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Growing Kniphofia – Red Hot Poker | Triangle Gardener Magazine
Perennials

Growing Kniphofia – Red Hot Poker

Kniphofia

How many African plants are growing in your garden? Chances are, not too many. One African native deserves more use in today’s garden, Kniphofia or red hot poker. While these plants have been grown for years, new breeding has elevated Kniphofia to one of the easiest and finest plants for the sunny garden.

Types of Kniphofia

Kniphofia is a strappy-leave herbaceous perennial or stouter-leafed evergreen that ranges from Ethiopia to the southern tip of Africa. There are about 75 species ranging from rather diminutive 12-inch tall tufts to giant 8-foot monsters.

Kniphofia rooperi

K. rooperi / JC Raulston Arboretum

Most species grow in open sunny locations in relatively well-drained soil and bear bright yellow to orange flowers that give plants their common name of red hot pokers. Other species and hybrids may have green to creamy-white or tan flowers.

Several species can be grown successfully in North Carolina gardens and among the most commonly seen are K. uvaria, a larger, very cold hardy species growing to 4 feet tall with large, 8-inch spikes of flowers in late spring and early summer. Another, somewhat less hardy species, is the 3 foot tall K. rooperi that flowers in late summer into fall with squat, rounded flower heads.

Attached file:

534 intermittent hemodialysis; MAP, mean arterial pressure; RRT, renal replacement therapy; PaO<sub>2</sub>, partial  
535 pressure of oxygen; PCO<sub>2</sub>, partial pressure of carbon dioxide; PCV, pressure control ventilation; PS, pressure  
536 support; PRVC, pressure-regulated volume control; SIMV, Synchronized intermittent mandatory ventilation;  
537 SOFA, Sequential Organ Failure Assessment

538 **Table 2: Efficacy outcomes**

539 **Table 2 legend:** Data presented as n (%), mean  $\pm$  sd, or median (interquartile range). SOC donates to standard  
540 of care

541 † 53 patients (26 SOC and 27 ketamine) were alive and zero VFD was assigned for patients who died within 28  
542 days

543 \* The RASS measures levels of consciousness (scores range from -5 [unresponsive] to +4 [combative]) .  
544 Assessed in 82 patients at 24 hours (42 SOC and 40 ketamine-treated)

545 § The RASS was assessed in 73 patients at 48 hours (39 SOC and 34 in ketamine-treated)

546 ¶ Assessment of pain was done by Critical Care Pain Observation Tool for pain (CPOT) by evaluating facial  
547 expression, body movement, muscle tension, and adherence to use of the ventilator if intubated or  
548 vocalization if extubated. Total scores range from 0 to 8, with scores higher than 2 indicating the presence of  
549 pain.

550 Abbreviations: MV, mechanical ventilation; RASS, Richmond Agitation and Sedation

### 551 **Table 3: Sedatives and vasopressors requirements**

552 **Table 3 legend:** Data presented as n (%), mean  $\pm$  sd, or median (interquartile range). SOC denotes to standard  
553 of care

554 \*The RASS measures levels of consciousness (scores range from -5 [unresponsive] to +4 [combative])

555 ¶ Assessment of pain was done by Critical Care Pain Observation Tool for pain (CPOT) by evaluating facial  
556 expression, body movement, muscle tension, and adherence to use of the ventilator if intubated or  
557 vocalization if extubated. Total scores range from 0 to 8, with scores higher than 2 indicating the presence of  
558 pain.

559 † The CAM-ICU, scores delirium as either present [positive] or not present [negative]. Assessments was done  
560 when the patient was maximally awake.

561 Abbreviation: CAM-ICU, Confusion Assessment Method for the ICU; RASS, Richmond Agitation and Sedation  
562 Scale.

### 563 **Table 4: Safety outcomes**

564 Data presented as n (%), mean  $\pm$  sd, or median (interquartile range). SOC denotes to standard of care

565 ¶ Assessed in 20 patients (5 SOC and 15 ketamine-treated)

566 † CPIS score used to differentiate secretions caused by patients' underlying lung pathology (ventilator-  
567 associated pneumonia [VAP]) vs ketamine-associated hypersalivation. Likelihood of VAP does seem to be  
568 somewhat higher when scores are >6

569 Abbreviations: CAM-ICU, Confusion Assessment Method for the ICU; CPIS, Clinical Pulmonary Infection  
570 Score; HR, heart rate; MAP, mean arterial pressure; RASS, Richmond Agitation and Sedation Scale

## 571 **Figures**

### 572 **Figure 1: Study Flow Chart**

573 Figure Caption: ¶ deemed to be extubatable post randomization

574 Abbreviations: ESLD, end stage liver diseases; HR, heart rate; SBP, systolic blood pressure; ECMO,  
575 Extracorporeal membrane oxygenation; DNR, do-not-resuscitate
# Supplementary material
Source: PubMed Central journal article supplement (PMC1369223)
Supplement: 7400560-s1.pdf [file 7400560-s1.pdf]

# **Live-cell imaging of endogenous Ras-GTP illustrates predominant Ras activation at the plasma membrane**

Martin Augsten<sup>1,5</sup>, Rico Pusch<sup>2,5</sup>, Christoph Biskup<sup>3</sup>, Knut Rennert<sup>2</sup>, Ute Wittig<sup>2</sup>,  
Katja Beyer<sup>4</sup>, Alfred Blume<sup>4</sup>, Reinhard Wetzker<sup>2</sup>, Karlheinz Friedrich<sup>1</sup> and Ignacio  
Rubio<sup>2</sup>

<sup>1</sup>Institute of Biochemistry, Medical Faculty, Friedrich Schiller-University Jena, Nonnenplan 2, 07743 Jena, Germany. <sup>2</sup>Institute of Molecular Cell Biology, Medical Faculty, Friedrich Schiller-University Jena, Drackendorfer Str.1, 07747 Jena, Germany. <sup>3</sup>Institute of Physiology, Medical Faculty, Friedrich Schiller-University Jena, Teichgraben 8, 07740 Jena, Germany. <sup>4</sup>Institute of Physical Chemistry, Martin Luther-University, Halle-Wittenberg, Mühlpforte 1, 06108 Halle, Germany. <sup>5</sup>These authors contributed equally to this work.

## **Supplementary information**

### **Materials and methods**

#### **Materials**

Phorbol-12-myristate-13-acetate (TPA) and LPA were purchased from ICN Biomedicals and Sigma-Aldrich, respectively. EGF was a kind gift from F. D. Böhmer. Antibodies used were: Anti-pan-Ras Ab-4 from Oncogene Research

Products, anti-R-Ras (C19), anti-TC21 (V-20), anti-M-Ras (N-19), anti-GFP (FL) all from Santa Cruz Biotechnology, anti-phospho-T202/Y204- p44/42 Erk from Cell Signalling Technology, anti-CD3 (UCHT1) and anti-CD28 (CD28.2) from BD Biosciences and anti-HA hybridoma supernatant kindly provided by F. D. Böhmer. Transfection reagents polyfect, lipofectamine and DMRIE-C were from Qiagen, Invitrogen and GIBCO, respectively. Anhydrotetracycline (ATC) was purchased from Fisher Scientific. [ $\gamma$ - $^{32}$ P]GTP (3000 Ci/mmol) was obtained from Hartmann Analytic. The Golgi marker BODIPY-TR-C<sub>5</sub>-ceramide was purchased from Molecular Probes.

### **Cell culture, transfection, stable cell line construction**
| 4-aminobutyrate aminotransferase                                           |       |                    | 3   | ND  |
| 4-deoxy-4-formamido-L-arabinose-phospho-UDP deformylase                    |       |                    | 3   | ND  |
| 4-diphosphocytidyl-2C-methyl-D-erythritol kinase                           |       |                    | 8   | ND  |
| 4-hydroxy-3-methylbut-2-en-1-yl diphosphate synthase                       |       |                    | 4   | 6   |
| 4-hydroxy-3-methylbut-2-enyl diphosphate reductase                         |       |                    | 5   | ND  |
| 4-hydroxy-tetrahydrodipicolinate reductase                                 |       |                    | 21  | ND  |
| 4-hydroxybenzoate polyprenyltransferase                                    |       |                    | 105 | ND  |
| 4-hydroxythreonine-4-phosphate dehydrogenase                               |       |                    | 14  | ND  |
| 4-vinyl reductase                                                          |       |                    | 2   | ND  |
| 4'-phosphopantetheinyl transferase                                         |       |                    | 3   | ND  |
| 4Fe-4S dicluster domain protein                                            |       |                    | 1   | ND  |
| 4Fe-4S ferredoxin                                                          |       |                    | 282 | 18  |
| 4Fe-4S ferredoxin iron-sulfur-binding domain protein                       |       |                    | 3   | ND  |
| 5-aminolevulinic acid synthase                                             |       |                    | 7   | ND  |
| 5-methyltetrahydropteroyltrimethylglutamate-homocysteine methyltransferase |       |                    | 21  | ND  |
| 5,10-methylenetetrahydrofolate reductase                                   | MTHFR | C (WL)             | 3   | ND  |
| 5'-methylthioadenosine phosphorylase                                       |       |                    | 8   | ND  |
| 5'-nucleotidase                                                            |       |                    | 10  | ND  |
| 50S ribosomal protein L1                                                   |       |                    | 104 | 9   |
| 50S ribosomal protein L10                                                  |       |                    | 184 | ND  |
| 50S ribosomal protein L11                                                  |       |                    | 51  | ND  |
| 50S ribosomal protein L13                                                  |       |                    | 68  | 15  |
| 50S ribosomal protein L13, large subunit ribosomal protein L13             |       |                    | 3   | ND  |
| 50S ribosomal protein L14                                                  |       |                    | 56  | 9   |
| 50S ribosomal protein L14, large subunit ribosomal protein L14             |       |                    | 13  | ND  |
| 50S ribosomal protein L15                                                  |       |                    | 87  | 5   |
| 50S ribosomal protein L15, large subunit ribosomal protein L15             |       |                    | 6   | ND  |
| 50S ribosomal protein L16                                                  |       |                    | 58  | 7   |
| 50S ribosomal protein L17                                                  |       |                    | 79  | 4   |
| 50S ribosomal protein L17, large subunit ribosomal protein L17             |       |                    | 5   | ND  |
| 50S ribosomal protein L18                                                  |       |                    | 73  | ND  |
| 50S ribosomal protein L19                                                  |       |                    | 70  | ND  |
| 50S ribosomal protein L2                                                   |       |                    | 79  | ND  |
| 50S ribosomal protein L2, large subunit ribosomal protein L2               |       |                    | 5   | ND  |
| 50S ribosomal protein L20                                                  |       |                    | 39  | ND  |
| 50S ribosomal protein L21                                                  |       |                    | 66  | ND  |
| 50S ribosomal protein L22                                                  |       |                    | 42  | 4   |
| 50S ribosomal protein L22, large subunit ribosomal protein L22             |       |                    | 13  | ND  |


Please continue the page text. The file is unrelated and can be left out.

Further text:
Kniphofia

Bee’s Sunset Kniphofia / JC Raulston Arboretum

Hybrid pokers often have quite a complex parentage but can be knockouts in the garden. ‘Bee’s Sunset’ and ‘Sunningdale Yellow’ are two classic hybrids but newer selections like the Popsicle series (‘Pineapple Popsicle’, etc.) and the Echo series (‘Echo Mango’, etc.) have added longer or re-blooming characteristics to plants whose size are more in line with smaller gardens. Some seed-grown mixes like ‘Flamenco’ are also widely available.

Whether big or small, red hot pokers will add a bit of the exotic to the flower garden and with careful selection, you can have them in flower from May to October.

What About Its Name?

The plant is named for a man named Kniphof. As such it should be pronounced K-nip-hof-ia with a hard “k” to start rather than Nif-foe-fia.

Featured image: Sunningdale Yellow – JC Raulston Arboretum.

Mark Weathington is the director of the JC Raulston Arboretum at NC State University in Raleigh.

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